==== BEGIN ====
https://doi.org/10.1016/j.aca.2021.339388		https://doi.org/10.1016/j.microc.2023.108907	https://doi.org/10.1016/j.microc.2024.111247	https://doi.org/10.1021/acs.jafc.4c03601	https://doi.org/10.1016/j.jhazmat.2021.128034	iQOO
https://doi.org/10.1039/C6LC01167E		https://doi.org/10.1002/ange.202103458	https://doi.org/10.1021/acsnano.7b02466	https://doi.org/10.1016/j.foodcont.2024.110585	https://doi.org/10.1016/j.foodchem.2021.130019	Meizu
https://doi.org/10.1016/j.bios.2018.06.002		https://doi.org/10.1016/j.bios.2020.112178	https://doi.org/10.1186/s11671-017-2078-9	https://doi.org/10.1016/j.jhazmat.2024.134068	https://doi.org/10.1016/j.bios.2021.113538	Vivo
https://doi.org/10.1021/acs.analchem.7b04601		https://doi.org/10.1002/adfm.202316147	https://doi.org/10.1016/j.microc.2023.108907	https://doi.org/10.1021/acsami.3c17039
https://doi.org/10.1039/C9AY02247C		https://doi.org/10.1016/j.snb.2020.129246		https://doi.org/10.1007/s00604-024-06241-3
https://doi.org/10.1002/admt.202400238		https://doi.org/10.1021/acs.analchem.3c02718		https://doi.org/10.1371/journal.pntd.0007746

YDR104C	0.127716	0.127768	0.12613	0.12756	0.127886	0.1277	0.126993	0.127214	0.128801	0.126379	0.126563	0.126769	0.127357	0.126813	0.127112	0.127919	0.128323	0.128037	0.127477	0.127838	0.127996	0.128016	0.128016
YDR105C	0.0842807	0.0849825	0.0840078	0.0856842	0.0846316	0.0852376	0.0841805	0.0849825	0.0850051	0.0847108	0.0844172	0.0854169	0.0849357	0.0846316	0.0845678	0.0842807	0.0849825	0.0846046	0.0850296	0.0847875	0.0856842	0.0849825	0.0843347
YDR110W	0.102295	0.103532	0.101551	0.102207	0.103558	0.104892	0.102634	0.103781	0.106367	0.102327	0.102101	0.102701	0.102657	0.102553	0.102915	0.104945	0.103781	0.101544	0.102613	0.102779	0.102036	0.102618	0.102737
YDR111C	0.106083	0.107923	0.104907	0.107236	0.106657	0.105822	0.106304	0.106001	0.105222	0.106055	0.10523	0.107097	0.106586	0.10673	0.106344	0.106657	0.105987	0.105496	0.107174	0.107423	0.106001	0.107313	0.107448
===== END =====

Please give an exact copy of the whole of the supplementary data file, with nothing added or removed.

https://doi.org/10.1016/j.aca.2021.339388		https://doi.org/10.1016/j.microc.2023.108907	https://doi.org/10.1016/j.microc.2024.111247	https://doi.org/10.1021/acs.jafc.4c03601	https://doi.org/10.1016/j.jhazmat.2021.128034	iQOO
https://doi.org/10.1039/C6LC01167E		https://doi.org/10.1002/ange.202103458	https://doi.org/10.1021/acsnano.7b02466	https://doi.org/10.1016/j.foodcont.2024.110585	https://doi.org/10.1016/j.foodchem.2021.130019	Meizu
https://doi.org/10.1016/j.bios.2018.06.002		https://doi.org/10.1016/j.bios.2020.112178	https://doi.org/10.1186/s11671-017-2078-9	https://doi.org/10.1016/j.jhazmat.2024.134068	https://doi.org/10.1016/j.bios.2021.113538	Vivo
https://doi.org/10.1021/acs.analchem.7b04601		https://doi.org/10.1002/adfm.202316147	https://doi.org/10.1016/j.microc.2023.108907	https://doi.org/10.1021/acsami.3c17039
https://doi.org/10.1039/C9AY02247C		https://doi.org/10.1016/j.snb.2020.129246		https://doi.org/10.1007/s00604-024-06241-3
https://doi.org/10.1002/admt.202400238		https://doi.org/10.1021/acs.analchem.3c02718		https://doi.org/10.1371/journal.pntd.0007746

YDR104C	0.127716	0.127768	0.12613	0.12756	0.127886	0.1277	0.126993	0.127214	0.128801	0.126379	0.126563	0.126769	0.127357	0.126813	0.127112	0.127919	0.128323	0.128037	0.127477	0.127838	0.127996	0.128016	0.128016
YDR105C	0.0842807	0.0849825	0.0840078	0.0856842	0.0846316	0.0852376	0.0841805	0.0849825	0.0850051	0.0847108	0.0844172	0.0854169	0.0849357	0.0846316	0.0845678	0.0842807	0.0849825	0.0846046	0.0850296	0.0847875	0.0856842	0.0849825	0.0843347
YDR110W	0.102295	0.103532	0.101551	0.102207	0.103558	0.104892	0.102634	0.103781	0.106367	0.102327	0.102101	0.102701	0.102657	0.102553	0.102915	0.104945	0.103781	0.101544	0.102613	0.102779	0.102036	0.102618	0.102737
YDR111C	0.106083	0.107923	0.104907	0.107236	0.106657	0.105822	0.106304	0.106001	0.105222	0.106055	0.10523	0.107097	0.106586	0.10673	0.106344	0.106657	0.105987	0.105496	0.107174	0.107423	0.106001	0.107313	0.107448